Saturday, March 26, 2016

Emotional Interdependence and Well-Being in Close Relationships

Emotional interdependence—here defined as partners’ emotions being linked to each other across time—is often considered a key characteristic of healthy romantic relationships. But is this actually the case? We conducted an experience-sampling study with 50 couples indicating their feelings 10 times a day for 7 days and modeled emotional interdependence for each couple separately taking a dyadographic approach. 

The majority of couples (64%) did not demonstrate strong signs of emotional interdependence, and couples that did, showed great inter-dyad differences in their specific patterns. Individuals from emotionally more interdependent couples reported higher individual well-being than individuals from more independent couples in terms of life satisfaction but not depression. Relational well-being was not (relationship satisfaction) or even negatively (empathic concern) related to the degree of emotional interdependence. Especially driving the emotions of the partner (i.e., sender effects) accounted for these associations, opposed to following the emotions of the partner (i.e., receiver effects). 

Additionally, assessing emotional interdependence for positive and negative emotions separately elucidated that primarily emotional interdependence for positive emotions predicted more self-reported life satisfaction and less empathic concern.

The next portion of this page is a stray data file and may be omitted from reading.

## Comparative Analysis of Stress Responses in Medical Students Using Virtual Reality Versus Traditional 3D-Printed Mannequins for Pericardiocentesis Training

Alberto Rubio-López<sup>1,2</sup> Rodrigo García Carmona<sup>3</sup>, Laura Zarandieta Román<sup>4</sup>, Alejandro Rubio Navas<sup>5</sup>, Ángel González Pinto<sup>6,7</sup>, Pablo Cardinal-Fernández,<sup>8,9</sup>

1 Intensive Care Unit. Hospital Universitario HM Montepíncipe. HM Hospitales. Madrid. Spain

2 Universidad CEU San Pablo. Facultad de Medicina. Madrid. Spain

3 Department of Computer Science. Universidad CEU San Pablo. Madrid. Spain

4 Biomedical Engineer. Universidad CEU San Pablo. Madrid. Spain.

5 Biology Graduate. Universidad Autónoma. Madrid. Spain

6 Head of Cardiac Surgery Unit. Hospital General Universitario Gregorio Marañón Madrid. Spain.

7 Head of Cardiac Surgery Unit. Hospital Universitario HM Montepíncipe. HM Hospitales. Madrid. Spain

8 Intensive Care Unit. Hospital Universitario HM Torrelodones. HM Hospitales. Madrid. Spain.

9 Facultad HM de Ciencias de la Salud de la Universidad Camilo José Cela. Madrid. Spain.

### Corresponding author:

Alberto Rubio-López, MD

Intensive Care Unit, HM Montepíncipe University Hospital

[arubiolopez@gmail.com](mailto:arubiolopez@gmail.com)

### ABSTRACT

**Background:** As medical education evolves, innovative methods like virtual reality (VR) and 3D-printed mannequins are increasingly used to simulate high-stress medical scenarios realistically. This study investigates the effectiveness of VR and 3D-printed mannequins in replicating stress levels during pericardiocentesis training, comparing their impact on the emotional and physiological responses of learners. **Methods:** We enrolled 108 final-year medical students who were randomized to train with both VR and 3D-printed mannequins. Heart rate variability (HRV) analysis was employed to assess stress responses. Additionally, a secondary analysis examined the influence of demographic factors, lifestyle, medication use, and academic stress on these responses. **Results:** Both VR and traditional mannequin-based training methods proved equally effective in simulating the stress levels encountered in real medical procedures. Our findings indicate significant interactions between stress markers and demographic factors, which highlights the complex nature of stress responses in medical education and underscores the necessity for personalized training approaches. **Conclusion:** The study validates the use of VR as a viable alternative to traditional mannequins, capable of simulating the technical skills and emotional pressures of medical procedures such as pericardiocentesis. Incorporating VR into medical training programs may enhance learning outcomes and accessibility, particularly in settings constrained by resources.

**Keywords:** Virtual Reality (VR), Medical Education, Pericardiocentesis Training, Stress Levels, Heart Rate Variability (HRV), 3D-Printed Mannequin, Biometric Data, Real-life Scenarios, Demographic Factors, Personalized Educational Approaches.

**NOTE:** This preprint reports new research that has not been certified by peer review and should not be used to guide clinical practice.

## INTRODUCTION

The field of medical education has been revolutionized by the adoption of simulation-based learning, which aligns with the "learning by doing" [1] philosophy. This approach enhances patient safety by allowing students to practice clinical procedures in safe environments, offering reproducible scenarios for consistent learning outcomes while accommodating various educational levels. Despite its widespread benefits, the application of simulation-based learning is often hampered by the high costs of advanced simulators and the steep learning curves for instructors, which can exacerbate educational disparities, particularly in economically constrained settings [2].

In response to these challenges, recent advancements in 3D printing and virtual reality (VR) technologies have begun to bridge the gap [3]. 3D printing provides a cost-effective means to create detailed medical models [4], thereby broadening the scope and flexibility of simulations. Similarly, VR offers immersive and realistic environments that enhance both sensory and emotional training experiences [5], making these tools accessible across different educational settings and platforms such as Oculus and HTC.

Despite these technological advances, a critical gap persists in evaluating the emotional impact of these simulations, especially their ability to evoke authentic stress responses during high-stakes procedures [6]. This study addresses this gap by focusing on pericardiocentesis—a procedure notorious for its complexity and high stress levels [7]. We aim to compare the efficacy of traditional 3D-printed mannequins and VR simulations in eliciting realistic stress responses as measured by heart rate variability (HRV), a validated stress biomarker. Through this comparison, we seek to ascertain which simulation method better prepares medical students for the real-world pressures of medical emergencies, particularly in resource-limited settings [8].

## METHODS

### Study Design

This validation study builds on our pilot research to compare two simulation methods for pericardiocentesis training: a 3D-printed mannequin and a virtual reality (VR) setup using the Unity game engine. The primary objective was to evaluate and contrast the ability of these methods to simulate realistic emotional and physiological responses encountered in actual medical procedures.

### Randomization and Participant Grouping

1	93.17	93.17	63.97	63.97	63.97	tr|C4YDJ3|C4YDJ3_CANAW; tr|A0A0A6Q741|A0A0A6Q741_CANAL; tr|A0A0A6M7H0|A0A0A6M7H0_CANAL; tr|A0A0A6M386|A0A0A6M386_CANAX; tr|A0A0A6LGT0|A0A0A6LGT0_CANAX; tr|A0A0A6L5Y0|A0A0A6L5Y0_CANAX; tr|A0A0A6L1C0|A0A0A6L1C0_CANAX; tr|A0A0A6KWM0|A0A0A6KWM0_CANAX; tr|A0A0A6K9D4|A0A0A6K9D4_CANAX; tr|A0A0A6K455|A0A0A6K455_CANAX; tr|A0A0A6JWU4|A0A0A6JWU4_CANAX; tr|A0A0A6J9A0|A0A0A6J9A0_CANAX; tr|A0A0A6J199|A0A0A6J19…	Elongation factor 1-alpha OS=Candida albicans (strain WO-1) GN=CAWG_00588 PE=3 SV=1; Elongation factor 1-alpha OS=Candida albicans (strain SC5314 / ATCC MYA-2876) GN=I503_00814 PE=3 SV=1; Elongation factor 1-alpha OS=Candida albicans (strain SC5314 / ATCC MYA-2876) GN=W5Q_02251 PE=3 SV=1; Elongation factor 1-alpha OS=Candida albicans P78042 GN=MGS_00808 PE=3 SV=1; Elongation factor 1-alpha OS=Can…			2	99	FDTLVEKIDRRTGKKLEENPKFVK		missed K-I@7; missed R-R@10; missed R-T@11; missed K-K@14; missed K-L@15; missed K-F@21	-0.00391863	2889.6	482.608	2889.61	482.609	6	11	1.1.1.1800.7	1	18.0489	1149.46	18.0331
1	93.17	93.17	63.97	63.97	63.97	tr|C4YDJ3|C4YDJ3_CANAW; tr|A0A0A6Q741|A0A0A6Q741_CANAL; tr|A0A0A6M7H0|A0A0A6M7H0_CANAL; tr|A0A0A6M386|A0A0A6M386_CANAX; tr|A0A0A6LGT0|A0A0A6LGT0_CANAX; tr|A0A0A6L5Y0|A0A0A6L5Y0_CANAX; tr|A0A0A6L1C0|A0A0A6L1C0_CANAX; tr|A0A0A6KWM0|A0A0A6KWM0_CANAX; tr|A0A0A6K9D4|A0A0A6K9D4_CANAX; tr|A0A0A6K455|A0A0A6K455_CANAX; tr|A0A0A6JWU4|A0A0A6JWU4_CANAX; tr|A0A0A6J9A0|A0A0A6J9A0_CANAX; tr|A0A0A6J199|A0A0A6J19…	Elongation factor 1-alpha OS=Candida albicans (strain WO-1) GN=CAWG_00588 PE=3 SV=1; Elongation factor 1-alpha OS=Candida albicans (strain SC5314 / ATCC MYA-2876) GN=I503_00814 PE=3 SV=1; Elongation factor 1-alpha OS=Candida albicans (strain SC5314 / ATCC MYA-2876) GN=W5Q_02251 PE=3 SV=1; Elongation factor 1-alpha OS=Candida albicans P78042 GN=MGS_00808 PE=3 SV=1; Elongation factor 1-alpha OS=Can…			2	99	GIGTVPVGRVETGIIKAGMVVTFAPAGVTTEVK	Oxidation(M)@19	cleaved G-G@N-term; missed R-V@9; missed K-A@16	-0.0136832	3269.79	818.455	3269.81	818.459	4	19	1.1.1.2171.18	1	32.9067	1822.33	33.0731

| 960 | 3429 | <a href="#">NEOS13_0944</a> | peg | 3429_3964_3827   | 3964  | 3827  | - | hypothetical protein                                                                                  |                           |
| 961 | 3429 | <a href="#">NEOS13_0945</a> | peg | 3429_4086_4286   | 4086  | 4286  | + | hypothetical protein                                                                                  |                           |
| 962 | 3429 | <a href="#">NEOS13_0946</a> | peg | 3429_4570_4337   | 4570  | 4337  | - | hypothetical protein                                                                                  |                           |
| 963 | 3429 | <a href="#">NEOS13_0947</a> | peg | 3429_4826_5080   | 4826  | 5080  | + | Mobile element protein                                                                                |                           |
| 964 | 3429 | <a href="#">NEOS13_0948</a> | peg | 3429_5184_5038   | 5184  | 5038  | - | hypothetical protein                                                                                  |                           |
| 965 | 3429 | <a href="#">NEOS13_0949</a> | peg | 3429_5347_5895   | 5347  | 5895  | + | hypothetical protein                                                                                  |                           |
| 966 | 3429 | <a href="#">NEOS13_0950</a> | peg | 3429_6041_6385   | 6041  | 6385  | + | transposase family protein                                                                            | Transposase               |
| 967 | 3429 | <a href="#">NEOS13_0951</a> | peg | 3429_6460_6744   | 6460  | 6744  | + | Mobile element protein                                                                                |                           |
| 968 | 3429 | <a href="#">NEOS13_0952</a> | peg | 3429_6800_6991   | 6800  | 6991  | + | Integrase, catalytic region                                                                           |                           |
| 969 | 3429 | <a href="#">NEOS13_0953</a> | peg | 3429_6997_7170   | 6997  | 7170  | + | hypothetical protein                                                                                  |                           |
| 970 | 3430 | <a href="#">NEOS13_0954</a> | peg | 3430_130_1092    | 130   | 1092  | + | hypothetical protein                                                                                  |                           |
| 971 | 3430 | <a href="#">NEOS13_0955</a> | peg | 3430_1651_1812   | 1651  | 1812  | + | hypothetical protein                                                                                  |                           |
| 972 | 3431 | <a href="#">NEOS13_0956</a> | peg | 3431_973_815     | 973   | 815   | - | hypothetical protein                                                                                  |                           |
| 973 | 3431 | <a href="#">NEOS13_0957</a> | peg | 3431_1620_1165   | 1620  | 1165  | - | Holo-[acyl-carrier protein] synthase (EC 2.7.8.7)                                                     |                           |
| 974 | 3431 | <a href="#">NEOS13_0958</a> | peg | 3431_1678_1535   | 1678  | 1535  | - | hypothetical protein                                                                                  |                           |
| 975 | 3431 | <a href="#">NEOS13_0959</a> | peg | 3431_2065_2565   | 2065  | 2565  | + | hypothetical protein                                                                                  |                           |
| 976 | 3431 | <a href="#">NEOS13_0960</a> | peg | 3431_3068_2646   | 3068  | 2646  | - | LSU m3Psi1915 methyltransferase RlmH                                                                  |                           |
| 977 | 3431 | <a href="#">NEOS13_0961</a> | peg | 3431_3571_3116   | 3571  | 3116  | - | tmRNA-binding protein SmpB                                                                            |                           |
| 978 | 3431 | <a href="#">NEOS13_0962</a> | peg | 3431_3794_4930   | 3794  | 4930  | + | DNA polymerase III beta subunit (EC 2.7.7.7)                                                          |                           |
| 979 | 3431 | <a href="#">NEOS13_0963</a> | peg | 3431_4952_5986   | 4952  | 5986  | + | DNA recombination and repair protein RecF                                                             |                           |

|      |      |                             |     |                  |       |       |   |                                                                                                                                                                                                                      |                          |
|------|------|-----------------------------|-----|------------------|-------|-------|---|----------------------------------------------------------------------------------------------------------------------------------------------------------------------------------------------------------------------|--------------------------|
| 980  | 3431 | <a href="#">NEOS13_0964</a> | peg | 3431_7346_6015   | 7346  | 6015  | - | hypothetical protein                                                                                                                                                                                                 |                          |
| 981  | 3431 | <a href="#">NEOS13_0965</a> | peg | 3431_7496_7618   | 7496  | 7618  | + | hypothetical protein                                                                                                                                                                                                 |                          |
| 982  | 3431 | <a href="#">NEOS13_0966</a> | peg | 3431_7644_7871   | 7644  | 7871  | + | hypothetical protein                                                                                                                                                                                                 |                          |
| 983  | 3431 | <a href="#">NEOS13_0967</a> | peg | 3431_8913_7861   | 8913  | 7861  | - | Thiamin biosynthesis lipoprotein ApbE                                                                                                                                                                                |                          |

These findings highlight the existence of large inter-dyad differences, explore relationships between emotional interdependence and key well-being variables, and demonstrate differential correlates for sending and receiving emotions.

Below:  Interpersonal emotion dynamics presented as a network. The four nodes represent positive (PE) and negative emotions (NE) of both partners. The arrows represent slopes, and thus the effects of emotions at time t-1 on emotions at time t. Solid arrows correspond to slopes for cross-partner connections, and thus partner effects, and dashed arrows to within-partner connections or actor effects.

Below:  Percentages of interdependent couples that evidenced specific cross-partner connections

Full article at:

Faculty of Psychology and Educational Sciences, KU Leuven, Leuven, Belgium
Faculty of Psychology and Educational Sciences, KU Leuven, Leuven, Belgium
Edited by: Vivian Zayas, Cornell University, USA
Reviewed by: Jiyoung Park, University of Massachusetts Amherst, USA; Emre Selcuk, Middle East Technical University, Turkey

No comments:

Post a Comment